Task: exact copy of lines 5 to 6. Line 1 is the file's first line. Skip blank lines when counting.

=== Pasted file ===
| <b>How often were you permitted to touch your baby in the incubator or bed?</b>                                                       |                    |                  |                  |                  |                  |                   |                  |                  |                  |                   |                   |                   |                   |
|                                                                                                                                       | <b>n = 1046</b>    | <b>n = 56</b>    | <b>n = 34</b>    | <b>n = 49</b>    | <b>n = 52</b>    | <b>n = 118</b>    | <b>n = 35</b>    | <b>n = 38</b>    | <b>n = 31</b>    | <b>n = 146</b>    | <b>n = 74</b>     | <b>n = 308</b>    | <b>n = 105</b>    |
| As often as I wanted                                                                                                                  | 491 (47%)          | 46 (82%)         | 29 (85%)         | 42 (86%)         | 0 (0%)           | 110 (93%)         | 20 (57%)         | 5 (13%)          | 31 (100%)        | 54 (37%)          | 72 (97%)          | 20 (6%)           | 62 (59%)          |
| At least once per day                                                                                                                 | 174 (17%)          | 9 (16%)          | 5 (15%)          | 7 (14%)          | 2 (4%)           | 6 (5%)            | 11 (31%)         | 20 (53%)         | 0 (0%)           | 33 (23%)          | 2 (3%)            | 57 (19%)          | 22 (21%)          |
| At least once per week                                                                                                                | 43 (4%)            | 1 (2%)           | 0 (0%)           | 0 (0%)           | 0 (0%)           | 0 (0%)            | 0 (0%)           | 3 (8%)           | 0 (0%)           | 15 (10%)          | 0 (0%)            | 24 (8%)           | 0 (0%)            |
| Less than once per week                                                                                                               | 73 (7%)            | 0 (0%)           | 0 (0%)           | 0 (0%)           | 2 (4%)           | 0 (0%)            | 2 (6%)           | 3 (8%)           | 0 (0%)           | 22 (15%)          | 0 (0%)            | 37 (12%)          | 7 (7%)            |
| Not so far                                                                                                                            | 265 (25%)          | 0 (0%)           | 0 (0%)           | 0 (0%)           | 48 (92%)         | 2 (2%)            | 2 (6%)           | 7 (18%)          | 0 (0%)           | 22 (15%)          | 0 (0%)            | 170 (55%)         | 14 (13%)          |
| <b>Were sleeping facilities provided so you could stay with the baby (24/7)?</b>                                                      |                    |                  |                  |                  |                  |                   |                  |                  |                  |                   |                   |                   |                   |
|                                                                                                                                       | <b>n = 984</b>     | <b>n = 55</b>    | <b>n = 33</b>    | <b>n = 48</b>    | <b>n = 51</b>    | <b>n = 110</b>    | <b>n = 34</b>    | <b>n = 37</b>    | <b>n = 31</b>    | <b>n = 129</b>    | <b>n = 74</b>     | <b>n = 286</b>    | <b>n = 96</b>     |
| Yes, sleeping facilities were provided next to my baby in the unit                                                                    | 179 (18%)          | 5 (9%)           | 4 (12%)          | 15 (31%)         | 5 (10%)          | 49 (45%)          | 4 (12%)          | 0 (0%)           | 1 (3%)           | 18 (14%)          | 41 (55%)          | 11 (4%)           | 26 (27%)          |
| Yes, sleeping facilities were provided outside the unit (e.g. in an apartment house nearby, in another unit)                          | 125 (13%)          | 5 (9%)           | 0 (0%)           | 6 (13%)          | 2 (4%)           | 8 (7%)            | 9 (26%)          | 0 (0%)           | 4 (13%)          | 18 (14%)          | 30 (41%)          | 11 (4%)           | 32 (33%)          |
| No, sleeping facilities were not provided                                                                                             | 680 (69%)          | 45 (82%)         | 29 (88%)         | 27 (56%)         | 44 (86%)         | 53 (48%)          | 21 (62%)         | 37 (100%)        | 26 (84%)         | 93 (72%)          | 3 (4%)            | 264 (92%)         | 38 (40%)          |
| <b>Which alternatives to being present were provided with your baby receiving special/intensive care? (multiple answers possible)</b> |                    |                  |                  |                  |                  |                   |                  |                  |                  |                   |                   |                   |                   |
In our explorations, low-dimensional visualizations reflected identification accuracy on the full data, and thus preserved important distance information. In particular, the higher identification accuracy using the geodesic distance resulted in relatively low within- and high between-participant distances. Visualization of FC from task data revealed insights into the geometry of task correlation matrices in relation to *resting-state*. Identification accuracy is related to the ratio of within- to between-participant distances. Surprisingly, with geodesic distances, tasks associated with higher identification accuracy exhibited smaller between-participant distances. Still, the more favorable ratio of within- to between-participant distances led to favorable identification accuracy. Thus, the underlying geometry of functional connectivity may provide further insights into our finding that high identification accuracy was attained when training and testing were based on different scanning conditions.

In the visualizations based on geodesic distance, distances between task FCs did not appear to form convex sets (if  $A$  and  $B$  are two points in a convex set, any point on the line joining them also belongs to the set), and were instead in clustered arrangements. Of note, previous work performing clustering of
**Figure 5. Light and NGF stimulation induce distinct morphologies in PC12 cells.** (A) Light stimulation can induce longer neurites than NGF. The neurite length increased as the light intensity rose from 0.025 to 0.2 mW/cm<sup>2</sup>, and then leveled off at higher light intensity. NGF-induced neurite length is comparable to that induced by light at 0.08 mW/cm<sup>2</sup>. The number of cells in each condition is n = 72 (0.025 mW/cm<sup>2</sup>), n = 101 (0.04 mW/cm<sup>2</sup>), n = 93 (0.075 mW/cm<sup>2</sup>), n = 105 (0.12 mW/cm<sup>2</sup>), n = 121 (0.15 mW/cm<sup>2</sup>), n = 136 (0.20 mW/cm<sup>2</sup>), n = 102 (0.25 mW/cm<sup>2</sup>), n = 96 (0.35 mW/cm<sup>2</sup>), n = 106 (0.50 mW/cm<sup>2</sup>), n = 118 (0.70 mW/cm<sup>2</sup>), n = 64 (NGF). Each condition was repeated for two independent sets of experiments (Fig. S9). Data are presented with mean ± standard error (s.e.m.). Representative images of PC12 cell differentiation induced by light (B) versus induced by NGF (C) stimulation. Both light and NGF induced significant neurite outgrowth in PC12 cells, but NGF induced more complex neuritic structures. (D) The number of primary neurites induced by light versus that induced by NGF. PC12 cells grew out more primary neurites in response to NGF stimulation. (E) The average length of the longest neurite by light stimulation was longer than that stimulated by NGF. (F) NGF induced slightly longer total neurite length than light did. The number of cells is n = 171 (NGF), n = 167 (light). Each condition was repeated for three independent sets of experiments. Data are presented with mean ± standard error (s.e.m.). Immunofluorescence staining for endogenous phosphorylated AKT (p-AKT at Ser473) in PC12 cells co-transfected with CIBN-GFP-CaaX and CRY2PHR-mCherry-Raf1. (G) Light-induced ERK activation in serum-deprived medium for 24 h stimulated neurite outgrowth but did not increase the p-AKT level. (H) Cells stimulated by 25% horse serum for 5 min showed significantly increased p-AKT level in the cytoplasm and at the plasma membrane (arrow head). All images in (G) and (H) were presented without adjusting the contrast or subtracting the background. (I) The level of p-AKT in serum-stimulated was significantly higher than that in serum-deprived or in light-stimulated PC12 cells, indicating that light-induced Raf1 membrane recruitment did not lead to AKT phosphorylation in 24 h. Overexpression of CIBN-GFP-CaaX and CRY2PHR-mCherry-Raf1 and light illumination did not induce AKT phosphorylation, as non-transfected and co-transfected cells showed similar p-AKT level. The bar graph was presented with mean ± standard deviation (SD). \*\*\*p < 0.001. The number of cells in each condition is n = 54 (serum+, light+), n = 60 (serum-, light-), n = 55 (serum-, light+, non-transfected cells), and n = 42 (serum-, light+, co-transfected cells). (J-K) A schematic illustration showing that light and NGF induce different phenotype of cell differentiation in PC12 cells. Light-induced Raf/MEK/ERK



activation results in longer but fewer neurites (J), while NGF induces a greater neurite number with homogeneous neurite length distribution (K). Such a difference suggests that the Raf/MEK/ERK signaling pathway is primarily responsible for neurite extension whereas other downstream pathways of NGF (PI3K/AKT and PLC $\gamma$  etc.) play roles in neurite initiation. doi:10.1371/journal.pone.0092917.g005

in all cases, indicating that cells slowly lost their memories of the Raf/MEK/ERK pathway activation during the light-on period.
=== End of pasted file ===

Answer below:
| At least once per week                                                                                                                | 43 (4%)            | 1 (2%)           | 0 (0%)           | 0 (0%)           | 0 (0%)           | 0 (0%)            | 0 (0%)           | 3 (8%)           | 0 (0%)           | 15 (10%)          | 0 (0%)            | 24 (8%)           | 0 (0%)            |
| Less than once per week                                                                                                               | 73 (7%)            | 0 (0%)           | 0 (0%)           | 0 (0%)           | 2 (4%)           | 0 (0%)            | 2 (6%)           | 3 (8%)           | 0 (0%)           | 22 (15%)          | 0 (0%)            | 37 (12%)          | 7 (7%)            |